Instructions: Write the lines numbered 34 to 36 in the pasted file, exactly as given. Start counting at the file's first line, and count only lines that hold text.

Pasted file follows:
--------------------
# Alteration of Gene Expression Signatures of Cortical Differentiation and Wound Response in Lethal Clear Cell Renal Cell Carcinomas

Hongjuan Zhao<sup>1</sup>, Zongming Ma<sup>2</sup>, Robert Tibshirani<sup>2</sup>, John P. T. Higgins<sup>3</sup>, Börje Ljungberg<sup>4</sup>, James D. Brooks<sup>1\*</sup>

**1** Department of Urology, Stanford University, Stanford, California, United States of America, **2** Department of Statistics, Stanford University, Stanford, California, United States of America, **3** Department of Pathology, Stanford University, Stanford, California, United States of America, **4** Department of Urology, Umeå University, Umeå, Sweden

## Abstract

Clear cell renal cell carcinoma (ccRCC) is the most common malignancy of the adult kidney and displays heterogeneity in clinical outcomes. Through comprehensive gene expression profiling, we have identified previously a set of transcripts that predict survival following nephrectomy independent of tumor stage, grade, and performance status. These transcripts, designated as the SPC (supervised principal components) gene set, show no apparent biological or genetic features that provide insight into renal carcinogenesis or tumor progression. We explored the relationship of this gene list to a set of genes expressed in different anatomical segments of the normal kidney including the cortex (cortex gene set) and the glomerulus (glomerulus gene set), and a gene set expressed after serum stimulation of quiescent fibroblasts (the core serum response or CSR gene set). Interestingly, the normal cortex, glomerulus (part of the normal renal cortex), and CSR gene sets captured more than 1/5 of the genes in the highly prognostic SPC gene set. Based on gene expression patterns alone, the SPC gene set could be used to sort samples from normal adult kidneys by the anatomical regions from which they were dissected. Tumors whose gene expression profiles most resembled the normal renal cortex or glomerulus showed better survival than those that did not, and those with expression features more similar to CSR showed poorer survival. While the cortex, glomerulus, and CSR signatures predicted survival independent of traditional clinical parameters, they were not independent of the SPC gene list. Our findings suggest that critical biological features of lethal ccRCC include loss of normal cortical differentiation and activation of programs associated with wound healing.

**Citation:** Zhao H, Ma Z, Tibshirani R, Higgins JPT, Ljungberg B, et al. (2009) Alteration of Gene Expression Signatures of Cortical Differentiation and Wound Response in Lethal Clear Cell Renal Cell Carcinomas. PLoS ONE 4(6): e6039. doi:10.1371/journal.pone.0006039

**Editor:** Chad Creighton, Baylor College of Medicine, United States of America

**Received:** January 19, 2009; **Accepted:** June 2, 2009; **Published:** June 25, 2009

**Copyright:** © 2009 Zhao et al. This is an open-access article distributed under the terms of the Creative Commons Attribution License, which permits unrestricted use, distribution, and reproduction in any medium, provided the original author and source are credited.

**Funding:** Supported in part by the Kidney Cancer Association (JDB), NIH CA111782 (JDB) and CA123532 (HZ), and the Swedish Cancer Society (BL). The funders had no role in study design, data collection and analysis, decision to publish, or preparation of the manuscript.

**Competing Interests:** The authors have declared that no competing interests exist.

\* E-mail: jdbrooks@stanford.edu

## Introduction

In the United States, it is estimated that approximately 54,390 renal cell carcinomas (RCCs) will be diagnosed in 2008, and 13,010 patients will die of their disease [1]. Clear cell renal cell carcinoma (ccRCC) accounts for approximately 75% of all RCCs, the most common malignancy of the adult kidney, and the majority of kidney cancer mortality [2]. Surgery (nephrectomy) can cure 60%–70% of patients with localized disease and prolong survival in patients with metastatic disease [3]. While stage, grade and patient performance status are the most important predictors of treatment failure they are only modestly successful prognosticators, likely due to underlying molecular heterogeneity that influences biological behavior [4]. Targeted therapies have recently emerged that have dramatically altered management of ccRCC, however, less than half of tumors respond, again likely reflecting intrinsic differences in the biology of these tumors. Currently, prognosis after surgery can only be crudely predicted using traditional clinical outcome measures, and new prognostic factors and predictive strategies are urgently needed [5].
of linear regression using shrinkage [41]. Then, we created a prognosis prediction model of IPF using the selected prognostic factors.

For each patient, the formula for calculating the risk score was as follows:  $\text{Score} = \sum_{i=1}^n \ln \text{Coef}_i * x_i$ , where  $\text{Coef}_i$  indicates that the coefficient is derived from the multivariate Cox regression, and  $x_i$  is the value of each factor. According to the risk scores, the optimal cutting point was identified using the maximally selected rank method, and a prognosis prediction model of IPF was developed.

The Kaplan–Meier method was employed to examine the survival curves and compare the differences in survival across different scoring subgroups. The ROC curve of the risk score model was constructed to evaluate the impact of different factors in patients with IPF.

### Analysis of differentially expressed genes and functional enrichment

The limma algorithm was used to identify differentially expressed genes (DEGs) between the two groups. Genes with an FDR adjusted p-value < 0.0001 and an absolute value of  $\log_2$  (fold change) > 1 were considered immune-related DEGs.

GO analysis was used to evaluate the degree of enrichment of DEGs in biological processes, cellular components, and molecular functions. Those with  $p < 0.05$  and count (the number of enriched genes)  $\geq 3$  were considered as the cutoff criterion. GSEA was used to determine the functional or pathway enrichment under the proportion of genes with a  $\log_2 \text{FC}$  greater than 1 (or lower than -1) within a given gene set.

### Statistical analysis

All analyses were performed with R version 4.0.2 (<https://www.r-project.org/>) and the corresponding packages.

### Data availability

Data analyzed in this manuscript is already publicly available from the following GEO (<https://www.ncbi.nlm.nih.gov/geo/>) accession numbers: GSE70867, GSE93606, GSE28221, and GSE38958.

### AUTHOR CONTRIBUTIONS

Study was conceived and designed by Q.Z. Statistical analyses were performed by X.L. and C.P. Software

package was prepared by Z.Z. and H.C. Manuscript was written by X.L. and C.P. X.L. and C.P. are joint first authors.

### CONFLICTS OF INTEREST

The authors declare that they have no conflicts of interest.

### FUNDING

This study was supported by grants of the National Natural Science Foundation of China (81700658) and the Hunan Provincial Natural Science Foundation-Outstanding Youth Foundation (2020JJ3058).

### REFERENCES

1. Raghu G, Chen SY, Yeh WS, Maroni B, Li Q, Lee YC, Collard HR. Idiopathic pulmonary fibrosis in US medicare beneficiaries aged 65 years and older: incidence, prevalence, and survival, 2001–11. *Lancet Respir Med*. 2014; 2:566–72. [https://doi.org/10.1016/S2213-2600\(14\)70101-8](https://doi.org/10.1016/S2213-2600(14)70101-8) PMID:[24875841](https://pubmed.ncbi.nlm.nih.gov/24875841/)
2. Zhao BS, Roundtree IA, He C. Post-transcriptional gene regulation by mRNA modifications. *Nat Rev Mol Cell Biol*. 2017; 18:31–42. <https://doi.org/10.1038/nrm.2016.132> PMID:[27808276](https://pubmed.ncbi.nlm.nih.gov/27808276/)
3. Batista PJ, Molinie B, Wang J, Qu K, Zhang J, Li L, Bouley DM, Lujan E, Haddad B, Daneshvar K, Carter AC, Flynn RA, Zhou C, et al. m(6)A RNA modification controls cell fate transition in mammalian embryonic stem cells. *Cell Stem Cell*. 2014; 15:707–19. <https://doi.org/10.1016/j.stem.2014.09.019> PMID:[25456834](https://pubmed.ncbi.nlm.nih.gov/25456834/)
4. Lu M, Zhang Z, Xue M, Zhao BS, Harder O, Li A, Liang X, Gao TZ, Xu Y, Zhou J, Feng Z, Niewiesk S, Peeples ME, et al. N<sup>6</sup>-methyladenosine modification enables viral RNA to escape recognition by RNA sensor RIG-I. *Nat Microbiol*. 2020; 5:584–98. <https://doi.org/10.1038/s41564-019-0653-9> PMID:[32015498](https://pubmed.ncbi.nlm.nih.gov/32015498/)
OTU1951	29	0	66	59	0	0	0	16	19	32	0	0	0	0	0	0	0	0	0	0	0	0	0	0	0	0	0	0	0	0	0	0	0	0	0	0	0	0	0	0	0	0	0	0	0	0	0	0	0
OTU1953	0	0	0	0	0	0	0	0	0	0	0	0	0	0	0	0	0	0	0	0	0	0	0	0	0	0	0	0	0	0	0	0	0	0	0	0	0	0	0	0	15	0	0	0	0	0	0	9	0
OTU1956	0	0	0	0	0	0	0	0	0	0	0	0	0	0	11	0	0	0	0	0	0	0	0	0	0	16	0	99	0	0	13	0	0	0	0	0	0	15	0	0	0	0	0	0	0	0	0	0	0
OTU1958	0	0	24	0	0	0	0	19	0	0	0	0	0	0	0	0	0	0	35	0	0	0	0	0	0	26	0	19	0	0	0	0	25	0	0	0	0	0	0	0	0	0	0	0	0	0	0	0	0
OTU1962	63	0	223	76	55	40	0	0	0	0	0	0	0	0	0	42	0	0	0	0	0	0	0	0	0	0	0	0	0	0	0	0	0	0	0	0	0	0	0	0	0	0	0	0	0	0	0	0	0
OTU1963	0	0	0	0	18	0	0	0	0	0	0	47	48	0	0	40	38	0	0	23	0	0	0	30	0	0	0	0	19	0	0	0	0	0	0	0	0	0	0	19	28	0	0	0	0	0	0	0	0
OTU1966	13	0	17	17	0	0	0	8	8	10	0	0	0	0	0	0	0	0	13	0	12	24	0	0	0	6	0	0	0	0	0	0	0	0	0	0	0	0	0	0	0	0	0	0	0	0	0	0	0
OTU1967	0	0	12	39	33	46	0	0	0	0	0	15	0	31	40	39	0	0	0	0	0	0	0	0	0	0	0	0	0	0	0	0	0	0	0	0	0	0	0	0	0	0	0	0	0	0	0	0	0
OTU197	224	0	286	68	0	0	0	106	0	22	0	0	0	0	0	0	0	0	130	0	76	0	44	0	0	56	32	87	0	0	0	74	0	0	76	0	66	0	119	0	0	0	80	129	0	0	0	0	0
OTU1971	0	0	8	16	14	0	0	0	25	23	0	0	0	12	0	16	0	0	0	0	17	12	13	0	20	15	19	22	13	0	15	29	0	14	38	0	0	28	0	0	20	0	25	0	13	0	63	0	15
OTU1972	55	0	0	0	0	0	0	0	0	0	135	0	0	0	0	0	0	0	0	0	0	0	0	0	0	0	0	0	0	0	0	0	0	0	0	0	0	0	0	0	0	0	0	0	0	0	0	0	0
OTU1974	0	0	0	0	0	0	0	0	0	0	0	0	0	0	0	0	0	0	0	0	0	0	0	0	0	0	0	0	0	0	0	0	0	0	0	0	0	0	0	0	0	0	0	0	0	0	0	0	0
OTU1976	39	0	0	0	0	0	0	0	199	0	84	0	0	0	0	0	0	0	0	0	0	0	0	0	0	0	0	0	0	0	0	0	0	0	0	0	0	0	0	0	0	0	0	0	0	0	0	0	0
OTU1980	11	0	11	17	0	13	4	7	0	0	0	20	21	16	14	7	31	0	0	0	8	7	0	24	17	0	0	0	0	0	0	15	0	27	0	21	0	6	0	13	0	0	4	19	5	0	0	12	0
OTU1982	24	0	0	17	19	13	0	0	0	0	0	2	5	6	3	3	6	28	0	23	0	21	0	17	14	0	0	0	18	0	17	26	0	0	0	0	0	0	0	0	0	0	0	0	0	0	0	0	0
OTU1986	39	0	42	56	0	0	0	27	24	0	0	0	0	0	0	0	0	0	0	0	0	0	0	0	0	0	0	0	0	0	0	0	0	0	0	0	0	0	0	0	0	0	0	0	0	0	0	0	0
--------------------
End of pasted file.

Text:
2. Zhao BS, Roundtree IA, He C. Post-transcriptional gene regulation by mRNA modifications. *Nat Rev Mol Cell Biol*. 2017; 18:31–42. <https://doi.org/10.1038/nrm.2016.132> PMID:[27808276](https://pubmed.ncbi.nlm.nih.gov/27808276/)
3. Batista PJ, Molinie B, Wang J, Qu K, Zhang J, Li L, Bouley DM, Lujan E, Haddad B, Daneshvar K, Carter AC, Flynn RA, Zhou C, et al. m(6)A RNA modification controls cell fate transition in mammalian embryonic stem cells. *Cell Stem Cell*. 2014; 15:707–19. <https://doi.org/10.1016/j.stem.2014.09.019> PMID:[25456834](https://pubmed.ncbi.nlm.nih.gov/25456834/)
4. Lu M, Zhang Z, Xue M, Zhao BS, Harder O, Li A, Liang X, Gao TZ, Xu Y, Zhou J, Feng Z, Niewiesk S, Peeples ME, et al. N<sup>6</sup>-methyladenosine modification enables viral RNA to escape recognition by RNA sensor RIG-I. *Nat Microbiol*. 2020; 5:584–98. <https://doi.org/10.1038/s41564-019-0653-9> PMID:[32015498](https://pubmed.ncbi.nlm.nih.gov/32015498/)